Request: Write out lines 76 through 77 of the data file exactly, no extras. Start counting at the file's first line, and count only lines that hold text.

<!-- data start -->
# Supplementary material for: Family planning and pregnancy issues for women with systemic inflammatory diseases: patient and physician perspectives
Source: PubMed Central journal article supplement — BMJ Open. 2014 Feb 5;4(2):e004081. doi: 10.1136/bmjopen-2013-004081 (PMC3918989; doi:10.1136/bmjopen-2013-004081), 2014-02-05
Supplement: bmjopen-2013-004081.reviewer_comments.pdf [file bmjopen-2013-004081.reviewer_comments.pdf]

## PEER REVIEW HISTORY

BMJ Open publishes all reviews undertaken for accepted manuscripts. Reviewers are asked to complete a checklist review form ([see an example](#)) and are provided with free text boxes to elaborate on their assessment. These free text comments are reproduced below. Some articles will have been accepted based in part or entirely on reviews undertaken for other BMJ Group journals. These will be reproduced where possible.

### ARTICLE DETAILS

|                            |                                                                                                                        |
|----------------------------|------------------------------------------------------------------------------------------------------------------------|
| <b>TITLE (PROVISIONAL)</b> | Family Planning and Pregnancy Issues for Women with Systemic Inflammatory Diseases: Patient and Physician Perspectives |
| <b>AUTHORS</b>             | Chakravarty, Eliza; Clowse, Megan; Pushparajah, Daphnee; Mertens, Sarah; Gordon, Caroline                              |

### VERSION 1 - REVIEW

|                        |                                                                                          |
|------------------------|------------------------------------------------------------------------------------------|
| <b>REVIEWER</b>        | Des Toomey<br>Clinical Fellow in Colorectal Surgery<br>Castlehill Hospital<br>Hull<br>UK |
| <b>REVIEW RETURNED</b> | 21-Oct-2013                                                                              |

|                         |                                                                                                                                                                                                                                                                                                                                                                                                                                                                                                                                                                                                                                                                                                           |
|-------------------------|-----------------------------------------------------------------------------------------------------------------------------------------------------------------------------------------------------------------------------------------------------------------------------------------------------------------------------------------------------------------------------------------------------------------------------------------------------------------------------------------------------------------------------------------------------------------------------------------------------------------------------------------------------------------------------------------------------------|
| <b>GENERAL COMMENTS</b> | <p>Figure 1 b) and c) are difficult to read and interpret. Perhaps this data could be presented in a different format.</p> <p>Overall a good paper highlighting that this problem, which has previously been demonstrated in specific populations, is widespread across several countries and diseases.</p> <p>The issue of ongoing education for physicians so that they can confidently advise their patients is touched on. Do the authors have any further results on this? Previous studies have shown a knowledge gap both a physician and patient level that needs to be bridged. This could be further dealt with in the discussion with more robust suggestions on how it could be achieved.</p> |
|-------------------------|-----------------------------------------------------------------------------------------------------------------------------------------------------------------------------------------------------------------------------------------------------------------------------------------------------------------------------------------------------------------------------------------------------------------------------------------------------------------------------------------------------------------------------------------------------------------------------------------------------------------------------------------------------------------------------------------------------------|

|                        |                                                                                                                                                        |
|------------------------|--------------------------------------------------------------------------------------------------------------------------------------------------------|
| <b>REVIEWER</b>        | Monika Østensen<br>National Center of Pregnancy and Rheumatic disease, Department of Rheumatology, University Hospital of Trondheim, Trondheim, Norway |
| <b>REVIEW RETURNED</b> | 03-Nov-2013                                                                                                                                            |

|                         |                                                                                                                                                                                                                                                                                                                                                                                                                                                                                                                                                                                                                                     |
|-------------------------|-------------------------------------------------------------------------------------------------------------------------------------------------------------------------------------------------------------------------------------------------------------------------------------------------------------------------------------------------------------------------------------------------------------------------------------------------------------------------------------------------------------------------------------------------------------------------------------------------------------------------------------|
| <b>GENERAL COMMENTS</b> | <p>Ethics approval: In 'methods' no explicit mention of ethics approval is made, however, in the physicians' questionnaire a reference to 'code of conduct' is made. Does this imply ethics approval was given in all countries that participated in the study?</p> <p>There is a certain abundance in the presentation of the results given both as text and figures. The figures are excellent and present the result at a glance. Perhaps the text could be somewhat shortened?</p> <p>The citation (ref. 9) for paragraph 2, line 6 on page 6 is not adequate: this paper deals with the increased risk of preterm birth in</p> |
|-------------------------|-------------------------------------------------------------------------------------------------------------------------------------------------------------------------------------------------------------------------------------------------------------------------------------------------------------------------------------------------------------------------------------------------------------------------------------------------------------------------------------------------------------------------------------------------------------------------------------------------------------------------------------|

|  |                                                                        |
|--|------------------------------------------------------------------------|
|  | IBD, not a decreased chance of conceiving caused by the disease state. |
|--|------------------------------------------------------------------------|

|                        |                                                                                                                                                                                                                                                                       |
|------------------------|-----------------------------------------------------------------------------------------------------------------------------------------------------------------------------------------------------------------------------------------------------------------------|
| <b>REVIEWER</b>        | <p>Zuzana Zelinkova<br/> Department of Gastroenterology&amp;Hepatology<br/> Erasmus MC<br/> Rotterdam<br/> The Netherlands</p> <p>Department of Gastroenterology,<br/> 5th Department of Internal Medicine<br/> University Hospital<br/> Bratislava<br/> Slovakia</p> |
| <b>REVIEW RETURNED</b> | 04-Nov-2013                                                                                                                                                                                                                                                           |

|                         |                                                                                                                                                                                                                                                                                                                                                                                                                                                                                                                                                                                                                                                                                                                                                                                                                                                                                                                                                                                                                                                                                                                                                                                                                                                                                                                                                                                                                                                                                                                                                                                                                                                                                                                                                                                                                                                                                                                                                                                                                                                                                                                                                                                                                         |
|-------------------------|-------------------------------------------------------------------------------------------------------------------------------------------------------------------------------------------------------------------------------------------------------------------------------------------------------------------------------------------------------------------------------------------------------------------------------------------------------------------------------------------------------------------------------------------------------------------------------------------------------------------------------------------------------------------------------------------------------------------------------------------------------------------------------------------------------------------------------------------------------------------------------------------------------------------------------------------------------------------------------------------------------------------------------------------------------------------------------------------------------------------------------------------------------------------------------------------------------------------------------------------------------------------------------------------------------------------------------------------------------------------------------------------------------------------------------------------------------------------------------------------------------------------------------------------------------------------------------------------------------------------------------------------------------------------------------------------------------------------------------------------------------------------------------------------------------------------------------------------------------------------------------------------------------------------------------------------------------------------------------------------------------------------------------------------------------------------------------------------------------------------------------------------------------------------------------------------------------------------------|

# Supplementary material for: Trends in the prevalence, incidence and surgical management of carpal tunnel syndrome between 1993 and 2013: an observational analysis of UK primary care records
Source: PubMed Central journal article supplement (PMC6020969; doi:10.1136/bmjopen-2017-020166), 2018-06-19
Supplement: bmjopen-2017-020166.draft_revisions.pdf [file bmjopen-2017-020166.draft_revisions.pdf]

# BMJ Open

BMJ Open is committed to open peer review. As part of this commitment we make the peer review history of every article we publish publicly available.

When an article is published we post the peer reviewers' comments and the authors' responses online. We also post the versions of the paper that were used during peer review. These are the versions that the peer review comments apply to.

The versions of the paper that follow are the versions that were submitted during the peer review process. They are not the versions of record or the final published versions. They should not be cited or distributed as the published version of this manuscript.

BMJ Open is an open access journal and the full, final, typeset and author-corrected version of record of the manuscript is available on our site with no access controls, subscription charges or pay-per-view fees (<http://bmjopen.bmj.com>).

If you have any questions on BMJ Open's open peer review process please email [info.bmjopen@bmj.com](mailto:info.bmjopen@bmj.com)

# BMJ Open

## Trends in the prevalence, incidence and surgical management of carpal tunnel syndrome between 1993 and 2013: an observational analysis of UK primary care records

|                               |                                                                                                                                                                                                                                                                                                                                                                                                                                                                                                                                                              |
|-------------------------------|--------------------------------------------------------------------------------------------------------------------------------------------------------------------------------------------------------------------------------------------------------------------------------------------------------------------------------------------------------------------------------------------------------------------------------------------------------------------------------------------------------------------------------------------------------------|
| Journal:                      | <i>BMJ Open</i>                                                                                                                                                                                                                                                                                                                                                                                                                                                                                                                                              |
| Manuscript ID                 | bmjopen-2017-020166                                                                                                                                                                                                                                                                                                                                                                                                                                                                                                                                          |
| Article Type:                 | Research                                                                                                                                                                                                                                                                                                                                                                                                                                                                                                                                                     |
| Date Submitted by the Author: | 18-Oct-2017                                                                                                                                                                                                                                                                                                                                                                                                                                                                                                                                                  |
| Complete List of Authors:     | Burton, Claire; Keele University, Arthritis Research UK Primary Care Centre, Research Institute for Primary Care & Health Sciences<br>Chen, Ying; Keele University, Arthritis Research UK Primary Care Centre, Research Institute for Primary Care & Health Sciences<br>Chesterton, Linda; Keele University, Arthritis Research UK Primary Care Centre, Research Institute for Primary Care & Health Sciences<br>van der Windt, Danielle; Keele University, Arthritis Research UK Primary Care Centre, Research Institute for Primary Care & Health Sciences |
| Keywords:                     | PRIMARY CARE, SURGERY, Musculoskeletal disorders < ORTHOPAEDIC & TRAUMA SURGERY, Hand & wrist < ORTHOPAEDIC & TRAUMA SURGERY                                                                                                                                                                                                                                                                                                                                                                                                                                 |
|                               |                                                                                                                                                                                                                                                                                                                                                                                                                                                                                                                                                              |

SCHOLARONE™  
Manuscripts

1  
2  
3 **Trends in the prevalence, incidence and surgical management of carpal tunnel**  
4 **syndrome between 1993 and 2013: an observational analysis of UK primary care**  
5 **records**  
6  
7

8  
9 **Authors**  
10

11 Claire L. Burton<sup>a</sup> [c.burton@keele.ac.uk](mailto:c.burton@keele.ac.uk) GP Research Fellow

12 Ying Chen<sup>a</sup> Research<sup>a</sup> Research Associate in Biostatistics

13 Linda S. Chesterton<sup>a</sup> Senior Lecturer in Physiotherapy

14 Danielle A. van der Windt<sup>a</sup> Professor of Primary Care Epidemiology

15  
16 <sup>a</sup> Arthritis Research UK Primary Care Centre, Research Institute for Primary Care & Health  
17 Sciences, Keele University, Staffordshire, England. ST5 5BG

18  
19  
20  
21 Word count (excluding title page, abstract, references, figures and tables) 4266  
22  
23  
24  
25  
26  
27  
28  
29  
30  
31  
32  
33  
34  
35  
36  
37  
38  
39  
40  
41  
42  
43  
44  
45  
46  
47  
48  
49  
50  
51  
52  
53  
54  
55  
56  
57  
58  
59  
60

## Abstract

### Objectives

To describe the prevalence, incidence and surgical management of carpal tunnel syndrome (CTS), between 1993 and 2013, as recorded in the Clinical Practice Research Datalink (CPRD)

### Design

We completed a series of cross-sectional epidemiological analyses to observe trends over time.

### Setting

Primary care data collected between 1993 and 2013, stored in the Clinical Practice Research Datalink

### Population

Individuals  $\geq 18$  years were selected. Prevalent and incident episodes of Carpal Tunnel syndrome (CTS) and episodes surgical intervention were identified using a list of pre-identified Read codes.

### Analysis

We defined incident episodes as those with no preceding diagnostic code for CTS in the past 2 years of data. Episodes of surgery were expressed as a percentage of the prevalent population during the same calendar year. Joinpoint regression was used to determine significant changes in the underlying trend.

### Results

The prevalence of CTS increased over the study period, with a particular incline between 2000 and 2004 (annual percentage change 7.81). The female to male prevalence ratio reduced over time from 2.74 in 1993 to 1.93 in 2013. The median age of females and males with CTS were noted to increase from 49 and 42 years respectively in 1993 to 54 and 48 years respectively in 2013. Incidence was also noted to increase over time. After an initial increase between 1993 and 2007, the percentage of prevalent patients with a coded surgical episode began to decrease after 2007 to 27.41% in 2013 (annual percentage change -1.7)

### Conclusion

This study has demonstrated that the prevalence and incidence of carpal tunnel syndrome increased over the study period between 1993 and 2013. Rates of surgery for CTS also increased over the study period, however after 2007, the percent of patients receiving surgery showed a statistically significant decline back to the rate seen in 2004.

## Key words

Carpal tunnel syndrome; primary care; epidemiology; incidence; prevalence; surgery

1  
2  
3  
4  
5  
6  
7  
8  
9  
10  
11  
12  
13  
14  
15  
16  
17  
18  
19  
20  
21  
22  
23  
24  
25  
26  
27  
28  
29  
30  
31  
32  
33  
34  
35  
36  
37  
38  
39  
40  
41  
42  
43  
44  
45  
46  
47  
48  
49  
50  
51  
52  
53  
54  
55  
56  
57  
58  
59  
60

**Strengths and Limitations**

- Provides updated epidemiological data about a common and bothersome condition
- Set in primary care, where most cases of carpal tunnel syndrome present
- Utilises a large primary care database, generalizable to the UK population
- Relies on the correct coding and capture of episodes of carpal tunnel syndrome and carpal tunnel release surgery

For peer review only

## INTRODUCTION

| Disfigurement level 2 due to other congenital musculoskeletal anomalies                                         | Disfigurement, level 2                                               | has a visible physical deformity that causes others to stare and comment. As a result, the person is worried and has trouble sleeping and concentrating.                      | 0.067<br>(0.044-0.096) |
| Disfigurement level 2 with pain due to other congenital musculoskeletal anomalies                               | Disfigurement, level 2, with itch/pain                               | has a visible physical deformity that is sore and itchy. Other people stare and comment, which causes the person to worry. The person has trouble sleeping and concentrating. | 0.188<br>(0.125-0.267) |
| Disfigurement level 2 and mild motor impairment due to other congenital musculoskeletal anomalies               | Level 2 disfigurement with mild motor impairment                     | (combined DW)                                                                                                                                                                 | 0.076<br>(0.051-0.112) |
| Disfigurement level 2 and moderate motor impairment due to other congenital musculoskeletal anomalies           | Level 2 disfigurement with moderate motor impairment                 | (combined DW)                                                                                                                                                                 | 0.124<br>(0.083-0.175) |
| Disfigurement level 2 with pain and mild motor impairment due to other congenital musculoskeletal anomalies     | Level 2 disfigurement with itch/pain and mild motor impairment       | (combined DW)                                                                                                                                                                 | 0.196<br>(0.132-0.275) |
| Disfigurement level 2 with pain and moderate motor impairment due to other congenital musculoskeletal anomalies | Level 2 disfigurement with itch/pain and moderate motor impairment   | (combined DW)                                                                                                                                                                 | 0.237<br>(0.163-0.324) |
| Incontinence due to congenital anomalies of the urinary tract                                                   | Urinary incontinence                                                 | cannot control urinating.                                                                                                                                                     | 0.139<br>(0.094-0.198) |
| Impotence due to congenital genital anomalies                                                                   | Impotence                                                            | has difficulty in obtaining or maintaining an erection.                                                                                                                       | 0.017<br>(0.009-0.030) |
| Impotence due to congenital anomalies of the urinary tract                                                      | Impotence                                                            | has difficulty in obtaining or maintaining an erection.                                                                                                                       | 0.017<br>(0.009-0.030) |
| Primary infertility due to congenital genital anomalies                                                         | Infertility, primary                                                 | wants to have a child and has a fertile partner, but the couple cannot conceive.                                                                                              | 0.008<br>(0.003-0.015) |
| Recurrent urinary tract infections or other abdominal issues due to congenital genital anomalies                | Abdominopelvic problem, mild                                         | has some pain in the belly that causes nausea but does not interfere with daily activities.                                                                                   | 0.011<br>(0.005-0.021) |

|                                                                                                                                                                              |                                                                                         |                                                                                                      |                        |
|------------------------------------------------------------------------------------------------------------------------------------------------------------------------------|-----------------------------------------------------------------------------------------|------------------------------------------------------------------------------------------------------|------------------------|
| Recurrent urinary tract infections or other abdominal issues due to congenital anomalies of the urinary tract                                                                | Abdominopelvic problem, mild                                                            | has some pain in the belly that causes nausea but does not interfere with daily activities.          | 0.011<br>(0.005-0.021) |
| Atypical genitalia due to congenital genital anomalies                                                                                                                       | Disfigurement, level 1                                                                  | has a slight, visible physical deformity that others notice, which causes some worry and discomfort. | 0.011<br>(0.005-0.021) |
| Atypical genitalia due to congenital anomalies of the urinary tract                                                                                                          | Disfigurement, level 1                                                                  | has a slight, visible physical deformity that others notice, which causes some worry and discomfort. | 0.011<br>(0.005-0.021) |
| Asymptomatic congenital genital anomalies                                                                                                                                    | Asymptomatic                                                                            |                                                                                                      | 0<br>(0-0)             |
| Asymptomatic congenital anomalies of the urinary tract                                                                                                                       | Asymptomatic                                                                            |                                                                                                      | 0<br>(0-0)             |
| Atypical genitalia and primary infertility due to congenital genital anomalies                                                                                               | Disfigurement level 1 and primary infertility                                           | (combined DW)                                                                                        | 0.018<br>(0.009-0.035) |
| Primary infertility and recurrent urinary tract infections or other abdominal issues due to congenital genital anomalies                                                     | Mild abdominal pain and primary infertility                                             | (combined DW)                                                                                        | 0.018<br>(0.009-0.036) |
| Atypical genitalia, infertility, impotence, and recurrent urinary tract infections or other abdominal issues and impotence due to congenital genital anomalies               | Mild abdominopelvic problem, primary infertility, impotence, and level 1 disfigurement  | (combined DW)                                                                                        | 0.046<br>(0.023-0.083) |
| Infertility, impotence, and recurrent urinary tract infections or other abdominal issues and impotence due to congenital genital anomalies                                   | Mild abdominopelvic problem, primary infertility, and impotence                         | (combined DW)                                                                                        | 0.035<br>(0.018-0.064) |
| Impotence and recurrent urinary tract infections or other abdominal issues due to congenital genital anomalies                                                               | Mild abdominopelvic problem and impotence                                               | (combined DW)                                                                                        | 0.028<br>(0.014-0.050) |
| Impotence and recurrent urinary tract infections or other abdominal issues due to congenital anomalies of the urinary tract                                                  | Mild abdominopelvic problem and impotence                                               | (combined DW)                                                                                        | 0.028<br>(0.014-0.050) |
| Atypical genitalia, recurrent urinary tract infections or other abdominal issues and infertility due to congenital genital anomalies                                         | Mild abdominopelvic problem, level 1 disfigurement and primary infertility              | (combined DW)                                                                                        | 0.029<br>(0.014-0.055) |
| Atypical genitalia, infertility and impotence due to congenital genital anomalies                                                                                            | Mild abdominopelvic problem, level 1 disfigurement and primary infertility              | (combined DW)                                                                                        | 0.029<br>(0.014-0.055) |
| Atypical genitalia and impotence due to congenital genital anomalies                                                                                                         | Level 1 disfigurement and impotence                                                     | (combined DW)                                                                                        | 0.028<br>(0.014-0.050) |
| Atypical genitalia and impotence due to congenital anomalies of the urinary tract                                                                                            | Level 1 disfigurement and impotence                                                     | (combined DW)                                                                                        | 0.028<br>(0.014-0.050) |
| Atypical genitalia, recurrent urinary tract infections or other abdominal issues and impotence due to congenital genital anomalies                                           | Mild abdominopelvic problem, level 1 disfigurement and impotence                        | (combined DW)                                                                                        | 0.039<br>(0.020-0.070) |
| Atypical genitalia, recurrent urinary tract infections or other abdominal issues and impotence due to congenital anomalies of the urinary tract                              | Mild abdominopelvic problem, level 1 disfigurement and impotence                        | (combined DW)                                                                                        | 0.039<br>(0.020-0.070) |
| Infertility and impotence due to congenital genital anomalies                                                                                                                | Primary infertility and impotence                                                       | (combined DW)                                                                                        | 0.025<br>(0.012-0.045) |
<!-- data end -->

17 Sciences, Keele University, Staffordshire, England. ST5 5BG

18  